Oncologist implores FG to set up more cancer testing, treatment centres
A Chief Consultant Radiation and Clinical Oncologist at the National Hospital, Abuja, Dr. Festus Igbinoba, has called on the Federal Government to urgently set up more cancer centres across the country to help the growing number of Nigerians who are currently suffering from the disease.
He advised Nigerians to live a healthy lifestyle and stay away from cigarette smoking, excessive alcohol intake-habits that constitute health hazards. Speaking at the sensitization programme to mark the 2017 World Cancer Day yesterday in Abuja, Igbinoba who noted that cancer is not a death sentence, observed that over 40 per cent cases of cancer are preventable if people do the right thing.
He said: “We can conquer cancer and ensure that the scourge is reduced nationwide. Individuals should know the signs and symptoms of cancer and above all go for screening in order to detect the disease early. If the disease is caught early, it can be cured. If you can stay away from cigarette smoking, excessive alcohol intake, you can prevent cancer. There are lifestyles to pre-disposes people to cancer but you can keep cancer away by living a healthy lifestyle.”
Igbinoba who doubles as President of the National Association of Consultant Radiation and Clinical Oncologists (NACRCO), observed that Cervical cancer is now regarded as a Sexually Transmitted Disease (STD) because Human Papiloma Virus (HPV) has been identified as its causative agent.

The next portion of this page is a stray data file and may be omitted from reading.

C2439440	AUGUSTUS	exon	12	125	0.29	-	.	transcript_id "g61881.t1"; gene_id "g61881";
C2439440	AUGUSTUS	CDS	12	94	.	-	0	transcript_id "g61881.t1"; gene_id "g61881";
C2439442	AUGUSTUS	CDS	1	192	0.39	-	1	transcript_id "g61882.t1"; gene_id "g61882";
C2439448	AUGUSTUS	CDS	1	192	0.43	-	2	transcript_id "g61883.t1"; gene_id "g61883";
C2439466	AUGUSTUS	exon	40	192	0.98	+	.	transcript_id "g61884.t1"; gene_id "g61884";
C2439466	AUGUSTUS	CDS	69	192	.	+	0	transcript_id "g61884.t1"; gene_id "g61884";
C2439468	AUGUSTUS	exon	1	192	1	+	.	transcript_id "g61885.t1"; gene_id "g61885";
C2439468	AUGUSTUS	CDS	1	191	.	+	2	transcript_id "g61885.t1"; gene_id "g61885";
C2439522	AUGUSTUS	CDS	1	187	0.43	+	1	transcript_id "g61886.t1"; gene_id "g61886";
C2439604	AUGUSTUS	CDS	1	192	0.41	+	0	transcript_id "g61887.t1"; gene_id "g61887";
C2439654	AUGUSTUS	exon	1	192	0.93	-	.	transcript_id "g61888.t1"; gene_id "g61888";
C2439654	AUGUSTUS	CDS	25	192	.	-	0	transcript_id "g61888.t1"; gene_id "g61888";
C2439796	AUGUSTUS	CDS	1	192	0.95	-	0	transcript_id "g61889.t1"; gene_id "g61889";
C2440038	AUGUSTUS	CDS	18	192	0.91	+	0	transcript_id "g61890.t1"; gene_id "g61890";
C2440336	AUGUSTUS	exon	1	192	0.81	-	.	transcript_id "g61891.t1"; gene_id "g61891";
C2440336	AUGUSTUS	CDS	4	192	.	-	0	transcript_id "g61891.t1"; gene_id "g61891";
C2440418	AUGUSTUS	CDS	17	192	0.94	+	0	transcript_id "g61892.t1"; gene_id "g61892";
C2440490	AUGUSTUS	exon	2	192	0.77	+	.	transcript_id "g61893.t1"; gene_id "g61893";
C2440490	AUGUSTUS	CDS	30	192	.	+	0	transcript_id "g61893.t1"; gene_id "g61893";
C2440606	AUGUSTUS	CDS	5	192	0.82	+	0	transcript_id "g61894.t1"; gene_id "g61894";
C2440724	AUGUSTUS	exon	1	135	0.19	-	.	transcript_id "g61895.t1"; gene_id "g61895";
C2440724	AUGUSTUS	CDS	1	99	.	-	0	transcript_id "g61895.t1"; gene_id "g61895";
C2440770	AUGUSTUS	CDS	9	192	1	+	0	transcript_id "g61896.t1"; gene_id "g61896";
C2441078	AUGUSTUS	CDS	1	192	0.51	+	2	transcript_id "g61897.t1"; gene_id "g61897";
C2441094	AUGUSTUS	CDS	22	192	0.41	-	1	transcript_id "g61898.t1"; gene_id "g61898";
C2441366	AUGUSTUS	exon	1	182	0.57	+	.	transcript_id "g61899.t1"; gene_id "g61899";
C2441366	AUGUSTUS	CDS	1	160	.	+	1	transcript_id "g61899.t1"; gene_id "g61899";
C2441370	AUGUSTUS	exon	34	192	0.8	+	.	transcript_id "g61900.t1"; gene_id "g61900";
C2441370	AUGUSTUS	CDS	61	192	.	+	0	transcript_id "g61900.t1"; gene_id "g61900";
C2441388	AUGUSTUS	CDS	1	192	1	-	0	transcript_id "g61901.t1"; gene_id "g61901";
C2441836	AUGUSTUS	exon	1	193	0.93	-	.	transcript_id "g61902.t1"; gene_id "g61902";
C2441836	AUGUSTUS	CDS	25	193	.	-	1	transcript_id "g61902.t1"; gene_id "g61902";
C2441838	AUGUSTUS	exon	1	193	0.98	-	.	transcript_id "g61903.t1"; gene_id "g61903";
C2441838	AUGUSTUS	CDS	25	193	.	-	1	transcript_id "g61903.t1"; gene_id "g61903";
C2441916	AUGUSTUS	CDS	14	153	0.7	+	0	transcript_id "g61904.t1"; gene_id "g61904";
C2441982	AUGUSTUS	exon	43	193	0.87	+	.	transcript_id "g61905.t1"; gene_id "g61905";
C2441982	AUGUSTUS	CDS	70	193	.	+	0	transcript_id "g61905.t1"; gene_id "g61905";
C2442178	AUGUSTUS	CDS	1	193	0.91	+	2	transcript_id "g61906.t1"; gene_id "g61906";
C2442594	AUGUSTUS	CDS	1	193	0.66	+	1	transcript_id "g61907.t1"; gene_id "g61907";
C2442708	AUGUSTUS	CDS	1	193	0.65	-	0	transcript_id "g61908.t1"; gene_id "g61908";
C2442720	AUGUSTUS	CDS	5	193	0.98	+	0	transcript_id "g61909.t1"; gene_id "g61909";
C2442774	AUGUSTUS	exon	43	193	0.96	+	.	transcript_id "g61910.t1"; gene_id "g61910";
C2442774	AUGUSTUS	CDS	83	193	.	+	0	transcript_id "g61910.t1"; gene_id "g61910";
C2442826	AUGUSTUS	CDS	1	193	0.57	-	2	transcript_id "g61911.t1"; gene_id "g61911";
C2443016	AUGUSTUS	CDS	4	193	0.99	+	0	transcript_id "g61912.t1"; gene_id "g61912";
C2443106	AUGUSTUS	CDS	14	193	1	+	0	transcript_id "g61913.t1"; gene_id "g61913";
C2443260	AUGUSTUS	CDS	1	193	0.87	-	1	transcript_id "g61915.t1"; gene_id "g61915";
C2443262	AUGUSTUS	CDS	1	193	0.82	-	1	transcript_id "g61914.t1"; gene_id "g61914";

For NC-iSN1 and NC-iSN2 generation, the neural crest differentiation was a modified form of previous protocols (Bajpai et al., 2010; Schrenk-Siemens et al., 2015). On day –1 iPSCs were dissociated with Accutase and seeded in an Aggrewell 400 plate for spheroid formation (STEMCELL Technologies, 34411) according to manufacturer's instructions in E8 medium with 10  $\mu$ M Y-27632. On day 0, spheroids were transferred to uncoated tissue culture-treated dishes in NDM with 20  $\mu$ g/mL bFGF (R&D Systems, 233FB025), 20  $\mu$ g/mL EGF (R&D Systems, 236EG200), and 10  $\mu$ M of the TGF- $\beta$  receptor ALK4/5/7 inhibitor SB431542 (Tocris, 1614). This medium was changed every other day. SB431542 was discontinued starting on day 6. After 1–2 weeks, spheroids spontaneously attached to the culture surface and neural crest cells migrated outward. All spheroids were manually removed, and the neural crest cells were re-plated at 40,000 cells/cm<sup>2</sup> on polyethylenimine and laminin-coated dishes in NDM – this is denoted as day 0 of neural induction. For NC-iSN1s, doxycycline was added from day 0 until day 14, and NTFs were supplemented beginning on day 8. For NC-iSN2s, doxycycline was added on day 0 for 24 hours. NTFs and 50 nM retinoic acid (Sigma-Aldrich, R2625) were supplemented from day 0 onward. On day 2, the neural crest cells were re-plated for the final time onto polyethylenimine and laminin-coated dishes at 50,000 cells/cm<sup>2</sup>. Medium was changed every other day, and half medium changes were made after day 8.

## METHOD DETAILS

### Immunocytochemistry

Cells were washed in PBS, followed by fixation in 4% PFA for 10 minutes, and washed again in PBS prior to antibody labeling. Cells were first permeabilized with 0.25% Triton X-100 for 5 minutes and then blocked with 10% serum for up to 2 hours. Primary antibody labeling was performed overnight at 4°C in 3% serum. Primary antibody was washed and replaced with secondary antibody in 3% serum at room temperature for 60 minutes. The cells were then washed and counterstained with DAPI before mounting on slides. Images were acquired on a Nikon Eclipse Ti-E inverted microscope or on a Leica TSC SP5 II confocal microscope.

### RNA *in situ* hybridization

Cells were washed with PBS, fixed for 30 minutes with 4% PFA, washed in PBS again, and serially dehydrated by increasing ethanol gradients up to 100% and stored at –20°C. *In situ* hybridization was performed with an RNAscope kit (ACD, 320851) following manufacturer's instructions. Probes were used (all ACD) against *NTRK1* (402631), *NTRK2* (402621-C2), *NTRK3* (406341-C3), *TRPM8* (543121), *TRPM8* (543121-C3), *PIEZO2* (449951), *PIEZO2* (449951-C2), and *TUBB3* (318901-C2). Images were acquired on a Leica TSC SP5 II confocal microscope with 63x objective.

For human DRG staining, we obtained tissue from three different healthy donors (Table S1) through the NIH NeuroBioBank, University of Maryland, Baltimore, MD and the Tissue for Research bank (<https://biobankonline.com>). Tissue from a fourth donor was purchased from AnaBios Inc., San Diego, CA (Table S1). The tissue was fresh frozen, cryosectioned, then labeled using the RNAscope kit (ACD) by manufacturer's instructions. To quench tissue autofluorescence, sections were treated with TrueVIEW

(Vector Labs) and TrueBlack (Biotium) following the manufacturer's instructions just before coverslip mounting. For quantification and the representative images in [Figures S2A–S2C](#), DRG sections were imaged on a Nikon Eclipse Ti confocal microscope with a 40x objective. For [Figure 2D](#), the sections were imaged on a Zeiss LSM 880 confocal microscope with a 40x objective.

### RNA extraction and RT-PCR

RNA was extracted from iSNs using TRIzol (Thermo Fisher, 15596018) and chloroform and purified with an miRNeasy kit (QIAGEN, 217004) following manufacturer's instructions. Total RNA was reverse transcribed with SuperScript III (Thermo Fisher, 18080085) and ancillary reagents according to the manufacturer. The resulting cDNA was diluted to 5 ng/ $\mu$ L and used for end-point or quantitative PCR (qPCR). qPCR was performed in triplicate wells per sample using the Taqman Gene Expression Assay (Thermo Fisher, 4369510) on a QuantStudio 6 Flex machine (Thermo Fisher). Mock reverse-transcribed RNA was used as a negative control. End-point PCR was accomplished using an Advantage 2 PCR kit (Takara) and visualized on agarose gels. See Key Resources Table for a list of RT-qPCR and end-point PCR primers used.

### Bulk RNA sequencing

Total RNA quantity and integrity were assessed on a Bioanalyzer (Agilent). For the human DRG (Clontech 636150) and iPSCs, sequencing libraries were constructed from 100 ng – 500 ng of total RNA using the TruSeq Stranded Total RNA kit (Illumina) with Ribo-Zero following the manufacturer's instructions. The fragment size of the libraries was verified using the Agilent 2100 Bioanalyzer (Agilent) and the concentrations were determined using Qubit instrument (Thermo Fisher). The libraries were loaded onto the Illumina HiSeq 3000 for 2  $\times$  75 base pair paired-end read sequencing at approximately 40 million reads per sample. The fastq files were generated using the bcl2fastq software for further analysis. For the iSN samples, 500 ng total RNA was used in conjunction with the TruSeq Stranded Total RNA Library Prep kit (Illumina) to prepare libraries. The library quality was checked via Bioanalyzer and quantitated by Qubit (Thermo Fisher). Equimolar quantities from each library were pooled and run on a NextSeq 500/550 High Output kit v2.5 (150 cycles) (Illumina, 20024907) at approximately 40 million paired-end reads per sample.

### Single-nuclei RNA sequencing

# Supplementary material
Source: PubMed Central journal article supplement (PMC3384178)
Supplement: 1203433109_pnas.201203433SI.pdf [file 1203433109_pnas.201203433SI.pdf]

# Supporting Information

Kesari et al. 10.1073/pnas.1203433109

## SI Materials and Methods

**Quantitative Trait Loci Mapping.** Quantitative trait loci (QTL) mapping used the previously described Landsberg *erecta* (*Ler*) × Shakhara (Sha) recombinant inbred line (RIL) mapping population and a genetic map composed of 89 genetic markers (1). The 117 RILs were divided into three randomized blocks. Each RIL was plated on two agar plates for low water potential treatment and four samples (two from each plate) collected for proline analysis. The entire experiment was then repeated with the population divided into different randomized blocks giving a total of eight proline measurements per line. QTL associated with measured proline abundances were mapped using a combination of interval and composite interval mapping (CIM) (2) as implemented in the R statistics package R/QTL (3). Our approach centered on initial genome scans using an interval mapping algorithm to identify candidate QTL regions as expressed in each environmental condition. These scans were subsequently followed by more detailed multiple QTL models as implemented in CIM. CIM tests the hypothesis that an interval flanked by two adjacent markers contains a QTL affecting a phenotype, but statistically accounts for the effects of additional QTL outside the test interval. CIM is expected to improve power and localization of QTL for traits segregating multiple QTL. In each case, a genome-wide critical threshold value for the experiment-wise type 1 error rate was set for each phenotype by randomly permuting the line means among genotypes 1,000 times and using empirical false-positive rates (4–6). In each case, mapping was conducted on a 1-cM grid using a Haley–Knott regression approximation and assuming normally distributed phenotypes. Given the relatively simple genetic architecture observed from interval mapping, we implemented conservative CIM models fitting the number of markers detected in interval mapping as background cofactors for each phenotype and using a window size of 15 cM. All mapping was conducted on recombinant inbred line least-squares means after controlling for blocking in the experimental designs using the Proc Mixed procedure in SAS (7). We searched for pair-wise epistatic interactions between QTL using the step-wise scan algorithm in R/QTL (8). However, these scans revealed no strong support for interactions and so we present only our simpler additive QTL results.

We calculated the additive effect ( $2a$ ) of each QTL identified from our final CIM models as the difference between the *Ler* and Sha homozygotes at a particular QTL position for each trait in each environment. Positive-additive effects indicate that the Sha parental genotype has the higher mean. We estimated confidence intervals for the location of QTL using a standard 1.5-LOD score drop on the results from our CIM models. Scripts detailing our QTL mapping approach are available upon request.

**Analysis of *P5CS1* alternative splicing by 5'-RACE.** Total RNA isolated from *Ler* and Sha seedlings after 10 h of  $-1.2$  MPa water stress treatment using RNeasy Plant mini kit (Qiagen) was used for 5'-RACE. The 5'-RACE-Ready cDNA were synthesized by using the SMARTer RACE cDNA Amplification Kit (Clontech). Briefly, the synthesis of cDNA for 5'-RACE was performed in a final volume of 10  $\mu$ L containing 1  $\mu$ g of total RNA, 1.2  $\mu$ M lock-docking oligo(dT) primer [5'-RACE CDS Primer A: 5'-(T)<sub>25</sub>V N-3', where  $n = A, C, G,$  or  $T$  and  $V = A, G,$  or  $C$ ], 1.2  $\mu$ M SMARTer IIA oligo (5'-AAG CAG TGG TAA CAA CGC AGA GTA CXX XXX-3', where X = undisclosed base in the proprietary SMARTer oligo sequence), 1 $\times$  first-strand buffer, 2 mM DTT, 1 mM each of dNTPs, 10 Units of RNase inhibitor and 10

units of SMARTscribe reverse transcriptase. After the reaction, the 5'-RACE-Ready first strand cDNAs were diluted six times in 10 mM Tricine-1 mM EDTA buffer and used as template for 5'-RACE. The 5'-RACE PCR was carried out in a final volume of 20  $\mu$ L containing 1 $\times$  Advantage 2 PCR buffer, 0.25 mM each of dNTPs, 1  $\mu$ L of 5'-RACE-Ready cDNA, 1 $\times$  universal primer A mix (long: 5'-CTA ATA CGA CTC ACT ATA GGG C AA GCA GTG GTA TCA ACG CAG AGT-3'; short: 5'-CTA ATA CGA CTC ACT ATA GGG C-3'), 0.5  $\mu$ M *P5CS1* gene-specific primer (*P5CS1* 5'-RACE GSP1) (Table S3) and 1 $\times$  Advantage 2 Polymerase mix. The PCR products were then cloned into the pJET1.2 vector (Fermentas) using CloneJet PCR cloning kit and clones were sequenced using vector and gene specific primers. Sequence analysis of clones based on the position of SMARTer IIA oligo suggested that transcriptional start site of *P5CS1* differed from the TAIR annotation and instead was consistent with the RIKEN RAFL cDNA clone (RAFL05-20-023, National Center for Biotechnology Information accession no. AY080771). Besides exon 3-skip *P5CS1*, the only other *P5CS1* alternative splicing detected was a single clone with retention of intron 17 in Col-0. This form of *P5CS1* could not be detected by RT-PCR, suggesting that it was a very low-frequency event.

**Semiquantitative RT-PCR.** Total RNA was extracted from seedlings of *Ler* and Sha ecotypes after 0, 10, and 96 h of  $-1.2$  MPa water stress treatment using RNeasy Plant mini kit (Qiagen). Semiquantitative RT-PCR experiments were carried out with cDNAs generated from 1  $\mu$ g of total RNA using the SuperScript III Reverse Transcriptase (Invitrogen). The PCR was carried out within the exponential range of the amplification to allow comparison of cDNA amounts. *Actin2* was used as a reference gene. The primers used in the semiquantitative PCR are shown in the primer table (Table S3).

He, therefore, stressed the need for government to procure more radiotherapy machines, insisting that whoever takes it upon himself to buy a radiotherapy machines for any centre should also negotiate the maintenance contract along with it, otherwise when they break down, it is usually difficult to repair them on time.
Also speaking, Head, Department of Oncology at the National Hospital, Dr. Adisa Oyesegun noted that cancer alone kills more than HIV/ AIDS, Tuberculosis and Malaria put together, adding that cancer could result from genetics, obesity, dietary fat intake and hormonal factors, stressing that tobacco accounts for one million of cancer related deaths annually.
He said, “We now see cancer in young age group, there are things we are doing wrong. Prostate cancer is supposed to be the disease of the elderly but here in Africa, we see prostate cancer in people of 40-years old bracket and this is because we eat junk and processed food. Breast cancer is not easy to manage. Causes of cancer include excessive or regular smoking, alcohol, physical inactivity, but it could be treated if diagnosed early.”